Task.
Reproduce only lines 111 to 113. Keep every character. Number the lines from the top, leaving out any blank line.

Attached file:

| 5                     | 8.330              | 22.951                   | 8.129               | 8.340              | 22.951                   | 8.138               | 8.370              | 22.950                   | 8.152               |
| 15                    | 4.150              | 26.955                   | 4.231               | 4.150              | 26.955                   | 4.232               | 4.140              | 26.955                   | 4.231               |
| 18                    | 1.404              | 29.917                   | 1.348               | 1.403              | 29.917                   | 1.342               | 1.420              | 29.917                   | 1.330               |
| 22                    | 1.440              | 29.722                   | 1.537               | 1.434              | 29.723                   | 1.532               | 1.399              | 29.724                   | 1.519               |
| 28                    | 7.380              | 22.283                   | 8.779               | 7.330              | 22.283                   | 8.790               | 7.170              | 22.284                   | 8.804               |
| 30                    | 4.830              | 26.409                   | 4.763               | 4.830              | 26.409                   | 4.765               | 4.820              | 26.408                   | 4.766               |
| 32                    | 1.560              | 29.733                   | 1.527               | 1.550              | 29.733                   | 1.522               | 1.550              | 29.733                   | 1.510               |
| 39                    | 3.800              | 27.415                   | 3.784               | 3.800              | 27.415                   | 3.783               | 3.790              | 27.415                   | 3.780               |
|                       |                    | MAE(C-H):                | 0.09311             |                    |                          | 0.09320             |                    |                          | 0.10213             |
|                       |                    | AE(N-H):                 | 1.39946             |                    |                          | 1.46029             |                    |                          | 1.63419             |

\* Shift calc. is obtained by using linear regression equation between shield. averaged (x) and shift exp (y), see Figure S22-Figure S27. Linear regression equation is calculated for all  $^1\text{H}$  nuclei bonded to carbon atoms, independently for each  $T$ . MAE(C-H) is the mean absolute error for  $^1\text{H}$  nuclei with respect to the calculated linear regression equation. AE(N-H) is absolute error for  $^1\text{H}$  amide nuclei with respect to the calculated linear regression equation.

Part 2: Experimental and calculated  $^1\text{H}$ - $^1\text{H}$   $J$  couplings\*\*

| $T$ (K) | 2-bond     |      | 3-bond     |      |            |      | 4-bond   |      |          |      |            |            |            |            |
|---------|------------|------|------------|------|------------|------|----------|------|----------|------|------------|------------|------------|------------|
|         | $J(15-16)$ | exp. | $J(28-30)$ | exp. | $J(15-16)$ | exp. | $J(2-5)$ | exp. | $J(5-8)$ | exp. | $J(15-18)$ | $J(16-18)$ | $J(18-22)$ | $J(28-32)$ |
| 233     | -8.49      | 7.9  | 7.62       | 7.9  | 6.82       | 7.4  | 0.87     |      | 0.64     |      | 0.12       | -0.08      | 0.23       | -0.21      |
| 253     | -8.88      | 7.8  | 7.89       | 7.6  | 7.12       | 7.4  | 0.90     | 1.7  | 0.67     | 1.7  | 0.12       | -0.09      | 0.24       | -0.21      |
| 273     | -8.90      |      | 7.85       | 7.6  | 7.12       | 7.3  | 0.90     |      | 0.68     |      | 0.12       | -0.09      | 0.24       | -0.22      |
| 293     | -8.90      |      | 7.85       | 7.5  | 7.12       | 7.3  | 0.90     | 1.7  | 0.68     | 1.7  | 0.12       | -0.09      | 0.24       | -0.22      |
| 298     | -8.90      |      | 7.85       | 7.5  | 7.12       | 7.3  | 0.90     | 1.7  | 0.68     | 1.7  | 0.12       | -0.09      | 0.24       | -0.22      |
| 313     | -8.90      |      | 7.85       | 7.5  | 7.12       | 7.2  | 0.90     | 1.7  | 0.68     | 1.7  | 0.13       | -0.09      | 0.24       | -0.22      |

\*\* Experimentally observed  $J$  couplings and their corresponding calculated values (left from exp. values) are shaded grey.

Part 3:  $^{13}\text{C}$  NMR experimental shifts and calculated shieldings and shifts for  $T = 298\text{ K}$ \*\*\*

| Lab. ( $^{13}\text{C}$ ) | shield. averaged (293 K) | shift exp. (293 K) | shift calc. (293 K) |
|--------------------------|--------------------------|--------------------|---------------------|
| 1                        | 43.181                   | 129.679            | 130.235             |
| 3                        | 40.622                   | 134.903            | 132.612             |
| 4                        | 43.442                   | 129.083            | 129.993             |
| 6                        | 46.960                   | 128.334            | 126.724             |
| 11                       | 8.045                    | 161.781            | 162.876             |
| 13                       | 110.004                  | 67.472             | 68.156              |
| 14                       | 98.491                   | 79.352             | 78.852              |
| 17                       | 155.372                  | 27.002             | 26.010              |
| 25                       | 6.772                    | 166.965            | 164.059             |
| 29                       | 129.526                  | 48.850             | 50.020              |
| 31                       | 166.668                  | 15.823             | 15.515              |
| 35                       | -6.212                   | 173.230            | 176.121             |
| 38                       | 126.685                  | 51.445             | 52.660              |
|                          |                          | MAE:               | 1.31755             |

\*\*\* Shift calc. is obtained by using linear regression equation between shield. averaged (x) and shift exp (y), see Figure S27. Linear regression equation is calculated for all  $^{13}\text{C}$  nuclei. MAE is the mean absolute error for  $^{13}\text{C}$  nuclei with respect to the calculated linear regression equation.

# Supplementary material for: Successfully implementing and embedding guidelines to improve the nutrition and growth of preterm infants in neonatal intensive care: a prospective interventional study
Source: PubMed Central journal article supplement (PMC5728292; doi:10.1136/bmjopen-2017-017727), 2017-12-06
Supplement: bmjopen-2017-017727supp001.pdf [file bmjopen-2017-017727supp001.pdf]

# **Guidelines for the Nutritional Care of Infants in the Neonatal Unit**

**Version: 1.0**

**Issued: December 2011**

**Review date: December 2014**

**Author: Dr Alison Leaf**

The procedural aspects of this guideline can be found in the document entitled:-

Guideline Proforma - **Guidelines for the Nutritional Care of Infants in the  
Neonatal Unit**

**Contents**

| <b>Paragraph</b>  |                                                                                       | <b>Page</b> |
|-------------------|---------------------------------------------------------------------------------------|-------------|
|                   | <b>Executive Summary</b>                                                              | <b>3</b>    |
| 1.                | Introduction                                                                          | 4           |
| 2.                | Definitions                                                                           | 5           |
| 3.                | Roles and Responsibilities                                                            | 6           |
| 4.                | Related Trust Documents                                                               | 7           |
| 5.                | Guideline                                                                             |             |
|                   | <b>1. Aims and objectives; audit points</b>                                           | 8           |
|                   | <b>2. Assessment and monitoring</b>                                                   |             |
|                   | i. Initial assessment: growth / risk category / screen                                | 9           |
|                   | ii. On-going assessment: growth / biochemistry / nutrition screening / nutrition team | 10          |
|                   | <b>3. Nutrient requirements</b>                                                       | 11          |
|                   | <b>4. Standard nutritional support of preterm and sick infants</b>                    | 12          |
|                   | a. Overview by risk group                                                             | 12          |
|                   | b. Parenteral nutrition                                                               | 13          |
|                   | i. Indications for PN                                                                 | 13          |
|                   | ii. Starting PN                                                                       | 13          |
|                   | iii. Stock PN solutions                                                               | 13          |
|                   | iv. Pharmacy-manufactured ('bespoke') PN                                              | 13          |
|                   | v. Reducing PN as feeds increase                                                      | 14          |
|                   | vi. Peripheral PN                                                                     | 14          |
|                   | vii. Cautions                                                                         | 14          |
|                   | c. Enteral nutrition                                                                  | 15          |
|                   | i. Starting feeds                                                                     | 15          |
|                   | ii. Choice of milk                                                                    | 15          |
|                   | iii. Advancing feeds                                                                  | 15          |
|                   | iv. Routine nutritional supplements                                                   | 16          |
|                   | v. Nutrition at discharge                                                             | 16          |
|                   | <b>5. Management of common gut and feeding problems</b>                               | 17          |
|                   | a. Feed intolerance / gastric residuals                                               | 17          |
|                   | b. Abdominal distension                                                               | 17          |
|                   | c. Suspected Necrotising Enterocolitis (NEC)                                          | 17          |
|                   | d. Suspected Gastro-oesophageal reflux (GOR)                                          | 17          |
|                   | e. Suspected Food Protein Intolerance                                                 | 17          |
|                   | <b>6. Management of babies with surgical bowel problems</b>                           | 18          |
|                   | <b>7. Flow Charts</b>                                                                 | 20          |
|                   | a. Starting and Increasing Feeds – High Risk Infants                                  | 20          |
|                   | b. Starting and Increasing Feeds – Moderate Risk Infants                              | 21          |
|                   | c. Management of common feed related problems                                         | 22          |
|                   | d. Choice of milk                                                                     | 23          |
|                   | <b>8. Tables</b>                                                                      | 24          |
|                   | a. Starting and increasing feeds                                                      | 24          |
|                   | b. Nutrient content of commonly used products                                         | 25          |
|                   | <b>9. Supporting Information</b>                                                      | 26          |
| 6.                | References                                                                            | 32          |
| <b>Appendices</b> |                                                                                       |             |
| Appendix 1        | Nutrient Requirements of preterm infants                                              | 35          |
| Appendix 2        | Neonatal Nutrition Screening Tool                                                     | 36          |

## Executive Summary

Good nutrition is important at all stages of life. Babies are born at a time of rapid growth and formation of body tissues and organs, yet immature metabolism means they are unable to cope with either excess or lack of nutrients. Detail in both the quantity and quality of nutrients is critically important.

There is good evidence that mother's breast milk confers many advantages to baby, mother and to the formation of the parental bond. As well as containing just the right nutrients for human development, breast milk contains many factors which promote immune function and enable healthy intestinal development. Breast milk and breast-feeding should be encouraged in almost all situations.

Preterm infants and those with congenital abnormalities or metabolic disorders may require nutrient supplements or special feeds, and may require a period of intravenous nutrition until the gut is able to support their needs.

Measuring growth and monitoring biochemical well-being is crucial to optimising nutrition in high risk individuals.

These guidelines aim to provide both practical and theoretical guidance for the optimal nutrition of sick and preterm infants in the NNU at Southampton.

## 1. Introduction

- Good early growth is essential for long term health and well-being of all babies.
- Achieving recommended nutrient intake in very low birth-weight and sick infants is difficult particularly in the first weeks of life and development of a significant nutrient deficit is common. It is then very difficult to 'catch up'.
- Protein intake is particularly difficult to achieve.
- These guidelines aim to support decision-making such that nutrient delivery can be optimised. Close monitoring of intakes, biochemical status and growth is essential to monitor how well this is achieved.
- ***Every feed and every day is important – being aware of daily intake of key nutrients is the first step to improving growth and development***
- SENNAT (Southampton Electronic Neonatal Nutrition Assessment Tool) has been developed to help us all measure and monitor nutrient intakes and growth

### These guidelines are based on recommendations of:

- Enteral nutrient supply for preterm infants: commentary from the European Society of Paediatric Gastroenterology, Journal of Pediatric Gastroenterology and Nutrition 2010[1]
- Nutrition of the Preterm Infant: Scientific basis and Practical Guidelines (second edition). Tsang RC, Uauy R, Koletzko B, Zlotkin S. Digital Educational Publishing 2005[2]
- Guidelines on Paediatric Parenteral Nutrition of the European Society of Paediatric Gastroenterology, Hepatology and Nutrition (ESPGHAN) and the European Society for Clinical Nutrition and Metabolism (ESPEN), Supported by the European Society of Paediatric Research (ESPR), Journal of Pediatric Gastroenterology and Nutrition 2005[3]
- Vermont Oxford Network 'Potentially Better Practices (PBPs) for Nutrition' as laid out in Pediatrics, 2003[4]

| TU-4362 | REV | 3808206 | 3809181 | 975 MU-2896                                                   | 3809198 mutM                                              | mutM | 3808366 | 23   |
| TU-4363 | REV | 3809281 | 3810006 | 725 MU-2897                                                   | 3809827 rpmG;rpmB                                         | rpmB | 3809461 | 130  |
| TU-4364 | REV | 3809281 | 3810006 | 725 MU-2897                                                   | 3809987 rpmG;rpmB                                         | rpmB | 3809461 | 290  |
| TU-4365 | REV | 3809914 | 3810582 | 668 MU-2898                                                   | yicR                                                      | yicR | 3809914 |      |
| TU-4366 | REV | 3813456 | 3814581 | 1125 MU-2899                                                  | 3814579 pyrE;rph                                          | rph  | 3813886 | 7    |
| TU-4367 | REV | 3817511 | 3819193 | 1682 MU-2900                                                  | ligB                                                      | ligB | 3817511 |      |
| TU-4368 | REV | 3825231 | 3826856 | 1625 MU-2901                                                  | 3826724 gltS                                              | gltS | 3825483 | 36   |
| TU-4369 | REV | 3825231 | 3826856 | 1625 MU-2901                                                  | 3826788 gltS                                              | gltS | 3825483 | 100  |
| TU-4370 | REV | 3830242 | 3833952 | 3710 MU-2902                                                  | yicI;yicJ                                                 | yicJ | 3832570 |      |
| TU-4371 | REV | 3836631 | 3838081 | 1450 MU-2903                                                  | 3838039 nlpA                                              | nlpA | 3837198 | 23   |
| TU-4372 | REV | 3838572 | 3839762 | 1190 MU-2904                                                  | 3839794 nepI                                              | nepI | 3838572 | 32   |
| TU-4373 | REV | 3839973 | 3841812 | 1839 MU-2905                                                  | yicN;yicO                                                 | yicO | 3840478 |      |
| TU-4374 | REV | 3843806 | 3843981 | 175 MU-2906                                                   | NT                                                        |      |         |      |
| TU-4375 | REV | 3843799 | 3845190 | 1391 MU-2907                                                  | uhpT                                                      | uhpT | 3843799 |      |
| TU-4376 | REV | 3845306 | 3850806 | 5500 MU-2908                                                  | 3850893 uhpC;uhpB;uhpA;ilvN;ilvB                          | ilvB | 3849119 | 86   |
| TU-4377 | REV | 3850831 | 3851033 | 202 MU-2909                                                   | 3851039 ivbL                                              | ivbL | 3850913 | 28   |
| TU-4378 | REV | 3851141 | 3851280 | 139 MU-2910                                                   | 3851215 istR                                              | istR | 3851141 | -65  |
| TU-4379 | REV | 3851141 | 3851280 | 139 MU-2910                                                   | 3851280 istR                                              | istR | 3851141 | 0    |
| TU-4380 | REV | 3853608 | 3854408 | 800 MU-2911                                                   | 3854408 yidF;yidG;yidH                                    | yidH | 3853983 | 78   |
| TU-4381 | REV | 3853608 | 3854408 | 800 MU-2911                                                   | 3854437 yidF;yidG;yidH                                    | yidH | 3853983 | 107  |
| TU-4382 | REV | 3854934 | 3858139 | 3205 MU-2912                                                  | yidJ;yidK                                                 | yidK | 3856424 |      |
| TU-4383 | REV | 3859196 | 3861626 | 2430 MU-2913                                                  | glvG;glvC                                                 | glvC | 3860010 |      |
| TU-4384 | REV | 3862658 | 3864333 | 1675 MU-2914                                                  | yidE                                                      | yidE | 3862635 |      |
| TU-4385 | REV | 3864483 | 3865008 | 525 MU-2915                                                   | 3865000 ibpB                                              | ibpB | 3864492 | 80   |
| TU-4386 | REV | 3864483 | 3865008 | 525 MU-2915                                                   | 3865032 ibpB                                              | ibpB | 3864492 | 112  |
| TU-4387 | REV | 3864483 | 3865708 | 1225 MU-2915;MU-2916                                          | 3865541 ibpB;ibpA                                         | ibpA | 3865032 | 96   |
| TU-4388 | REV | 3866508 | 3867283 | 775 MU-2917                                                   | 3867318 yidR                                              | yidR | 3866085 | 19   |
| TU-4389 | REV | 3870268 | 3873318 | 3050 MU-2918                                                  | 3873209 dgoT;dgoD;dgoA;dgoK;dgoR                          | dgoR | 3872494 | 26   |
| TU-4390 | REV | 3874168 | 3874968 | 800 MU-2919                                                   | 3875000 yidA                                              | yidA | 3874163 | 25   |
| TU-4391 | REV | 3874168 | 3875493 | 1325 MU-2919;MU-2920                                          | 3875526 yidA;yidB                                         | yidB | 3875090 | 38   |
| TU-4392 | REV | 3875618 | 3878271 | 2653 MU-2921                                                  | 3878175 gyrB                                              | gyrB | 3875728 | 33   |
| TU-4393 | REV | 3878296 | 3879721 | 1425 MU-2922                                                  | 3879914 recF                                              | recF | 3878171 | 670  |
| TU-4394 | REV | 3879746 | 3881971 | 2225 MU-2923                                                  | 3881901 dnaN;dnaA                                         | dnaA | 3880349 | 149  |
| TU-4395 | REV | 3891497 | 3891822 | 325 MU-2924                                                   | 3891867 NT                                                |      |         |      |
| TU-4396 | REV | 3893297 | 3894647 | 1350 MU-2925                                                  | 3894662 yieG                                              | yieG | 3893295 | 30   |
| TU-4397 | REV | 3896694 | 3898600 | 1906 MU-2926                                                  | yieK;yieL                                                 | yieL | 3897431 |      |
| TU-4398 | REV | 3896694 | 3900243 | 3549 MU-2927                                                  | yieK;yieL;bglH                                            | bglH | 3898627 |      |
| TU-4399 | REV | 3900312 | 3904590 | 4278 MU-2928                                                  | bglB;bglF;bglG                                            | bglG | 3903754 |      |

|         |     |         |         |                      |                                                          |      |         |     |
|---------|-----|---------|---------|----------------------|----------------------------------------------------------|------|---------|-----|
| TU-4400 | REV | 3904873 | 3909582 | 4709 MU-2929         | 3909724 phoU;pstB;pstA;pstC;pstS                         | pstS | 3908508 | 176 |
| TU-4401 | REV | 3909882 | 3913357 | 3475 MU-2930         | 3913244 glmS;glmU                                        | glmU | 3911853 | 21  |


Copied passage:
- Protein intake is particularly difficult to achieve.
- These guidelines aim to support decision-making such that nutrient delivery can be optimised. Close monitoring of intakes, biochemical status and growth is essential to monitor how well this is achieved.
- ***Every feed and every day is important – being aware of daily intake of key nutrients is the first step to improving growth and development***